Wheelbuilding Tips

These wheelbuilding tips were gleaned from a discussion of wheelbuilding on the mailing list mtb@cyclery.com in February 1998.

Dave Fitch writes:

Personally, having both been on a wheel building course at the lbs and built 15 odd pairs of wheels I'd say some of Sheldon Brown's wheel building advice is a little dubious. Especially the bit about locktite on spokes.

[Jim Frost adds: I'll second that. Jobst Brandt (author of The Bicycle Wheel) suggests medium-weight machine oil, and that's what I did the first time out, but I prefer grease -- it works better when the wheel is tight and it stays around longer. Absolutely do not put any kind of fixative on them. If you're having a problem with nipples coming loose then you're not building the wheels tight enough. This is easily correctable even after-the-fact.]

The main thing is to understand how to lace a wheel. Once you understand that, you can move on. If you don't understand that, you'll be unavoidably detained! Don't think that if you can copy another wheel you'll understand how to lace wheels: that's not quite how it works!

Make sure that when you sight down the valve of your inner tube to the hub that the only places spokes are crossing are really close to the hub. Otherwise you'll have a hell of a time trying to pump up your tires!

Basic ideas:

[JF adds: Great tips. Sheldon's site isn't bad other than the locktite thing, but I really suggest that any budding wheelbuilder pick up a copy of Jobst Brandt's The Bicyle Wheel. There are some arguments about his conclusions in some areas but the general background is valuable and the the directions for building a wheel are excellent; I built my first wheel, which is still in service despite fairly brutal treatment, by simply following instructions.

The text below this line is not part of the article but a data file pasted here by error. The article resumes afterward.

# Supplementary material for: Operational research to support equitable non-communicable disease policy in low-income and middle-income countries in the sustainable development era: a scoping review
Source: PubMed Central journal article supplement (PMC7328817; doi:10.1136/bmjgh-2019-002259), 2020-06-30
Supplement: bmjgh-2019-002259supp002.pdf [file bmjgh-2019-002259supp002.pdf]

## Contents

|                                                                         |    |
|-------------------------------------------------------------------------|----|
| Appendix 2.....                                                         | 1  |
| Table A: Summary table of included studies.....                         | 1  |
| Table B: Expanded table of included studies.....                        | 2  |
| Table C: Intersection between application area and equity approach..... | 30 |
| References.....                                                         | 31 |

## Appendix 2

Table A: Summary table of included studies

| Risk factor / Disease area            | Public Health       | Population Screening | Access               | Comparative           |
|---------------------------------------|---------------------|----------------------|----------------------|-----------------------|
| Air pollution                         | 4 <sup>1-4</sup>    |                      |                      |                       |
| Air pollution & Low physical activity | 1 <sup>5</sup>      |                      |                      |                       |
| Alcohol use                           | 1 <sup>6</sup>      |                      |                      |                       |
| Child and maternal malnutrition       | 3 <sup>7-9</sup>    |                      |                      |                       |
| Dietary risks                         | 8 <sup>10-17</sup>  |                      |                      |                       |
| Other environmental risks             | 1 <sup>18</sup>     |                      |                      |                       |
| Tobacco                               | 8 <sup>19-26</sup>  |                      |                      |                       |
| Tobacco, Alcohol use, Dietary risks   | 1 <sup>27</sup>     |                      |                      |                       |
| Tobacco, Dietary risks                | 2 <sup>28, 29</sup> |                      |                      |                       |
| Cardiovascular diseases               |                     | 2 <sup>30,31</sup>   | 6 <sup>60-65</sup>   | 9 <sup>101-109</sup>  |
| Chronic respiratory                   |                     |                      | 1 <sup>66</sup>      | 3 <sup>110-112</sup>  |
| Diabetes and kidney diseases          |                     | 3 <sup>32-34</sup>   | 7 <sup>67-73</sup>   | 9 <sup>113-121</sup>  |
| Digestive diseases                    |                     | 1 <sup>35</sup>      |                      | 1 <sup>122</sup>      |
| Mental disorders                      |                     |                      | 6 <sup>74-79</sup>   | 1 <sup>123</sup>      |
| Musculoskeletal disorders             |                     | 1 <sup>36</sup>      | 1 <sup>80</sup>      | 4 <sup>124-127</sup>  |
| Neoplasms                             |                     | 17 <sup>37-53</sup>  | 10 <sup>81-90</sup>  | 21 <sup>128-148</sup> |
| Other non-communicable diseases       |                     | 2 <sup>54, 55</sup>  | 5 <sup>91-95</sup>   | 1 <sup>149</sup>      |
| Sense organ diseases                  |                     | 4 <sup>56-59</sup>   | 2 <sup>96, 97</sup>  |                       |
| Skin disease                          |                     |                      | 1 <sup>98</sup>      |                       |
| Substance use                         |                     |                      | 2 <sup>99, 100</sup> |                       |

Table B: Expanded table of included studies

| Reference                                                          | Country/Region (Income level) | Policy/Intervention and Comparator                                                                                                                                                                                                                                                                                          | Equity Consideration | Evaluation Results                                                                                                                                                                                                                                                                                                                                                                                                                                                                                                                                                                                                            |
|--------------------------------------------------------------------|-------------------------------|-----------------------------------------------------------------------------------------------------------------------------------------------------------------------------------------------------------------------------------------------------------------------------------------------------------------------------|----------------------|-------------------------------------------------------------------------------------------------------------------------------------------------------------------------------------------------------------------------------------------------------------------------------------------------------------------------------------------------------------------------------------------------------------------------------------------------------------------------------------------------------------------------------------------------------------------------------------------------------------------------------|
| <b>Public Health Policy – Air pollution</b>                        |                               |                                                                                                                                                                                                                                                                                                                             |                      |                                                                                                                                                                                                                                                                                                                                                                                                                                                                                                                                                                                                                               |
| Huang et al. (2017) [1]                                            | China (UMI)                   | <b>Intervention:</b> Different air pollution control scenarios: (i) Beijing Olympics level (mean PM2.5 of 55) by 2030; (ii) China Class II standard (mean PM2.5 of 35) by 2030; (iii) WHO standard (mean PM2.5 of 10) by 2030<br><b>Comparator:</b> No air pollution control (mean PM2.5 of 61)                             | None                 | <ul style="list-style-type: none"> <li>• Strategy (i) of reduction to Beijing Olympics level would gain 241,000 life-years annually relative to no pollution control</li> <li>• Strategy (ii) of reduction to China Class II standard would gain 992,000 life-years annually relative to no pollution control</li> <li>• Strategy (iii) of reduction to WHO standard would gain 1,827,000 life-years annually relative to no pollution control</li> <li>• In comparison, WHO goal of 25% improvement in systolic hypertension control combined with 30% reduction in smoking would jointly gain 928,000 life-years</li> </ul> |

The only thing that I found to be difficult was determining proper tension. Jobst's technique of tightening until it becomes unstable works with wimpy rims like the MA2, but the novice wheelbuilder doesn't have the experience to balance the wheel correctly so it will seem to happen sooner than it really does. I got some great advice from a local wheelbuilder: after I rode the thing for a little while I retrued it and added another half turn to each nipple. The wheel was mucho strong at that point. In addition I went back to it after I'd built and tended to more wheels and tried again, resulting in even more tension.

Speaking about even tension, that brings up another point. After the wheel gets pretty tight whack the spokes with the spoke wrench to produce a ping. The pings for each of the spokes should be the same, or very close. If any one of them is higher or lower you have uneven tension, which is bad. Loosen high tension spokes or tighten low-tension spokes. Correct truing and roundness errors that result on the adjacent spokes.]

[Dave: Getting proper tension: I've seen people refuse to tighten a wheel because of the creaking of the spokes and nipples, which freaked them out and made them think the wheel was under tremendous stress when actually it was just a sign that they hadn't used enough grease on the threads... :-)

Proper tension is one of them things that you've just got to learn by practice. Or by purchasing one of them really expensive spoke tensioning thingies... That's part of the reason I'd recommend only turning the nipples a quarter turn when the wheel gets tight, just so you feel that you're in control and gradually building up tension, rather than trying to make it all tense at once.

I've found that it helps to squeeze the spokes a lot as you spin the wheel and true it: if you notice some are tighter than others (or looser) you can focus on them, so that instead of tightening up one side and loosening the other you might just loosen one side or tighten the other. Never forget that spokes work in pairs... :-)]

Myra: And here's a warning of my own: there is a big temptation to be creative and try cool spoke patterns once you get the hang of building wheels. However, don't radially lace Shimano hubs. It adds extra stress radially from the center of the hub, and the hubs aren't designed to deal with it. The instructions that come with hubs states that the warantee is voided if you use radial lacing, and my LBS reports having problems with non-working bearing resulting from radial lacing. On the other hand, I have friends with radially laced Shimano wheels, and they seem to be OK. So try it if you want, but don't blame me if your hubs fail!

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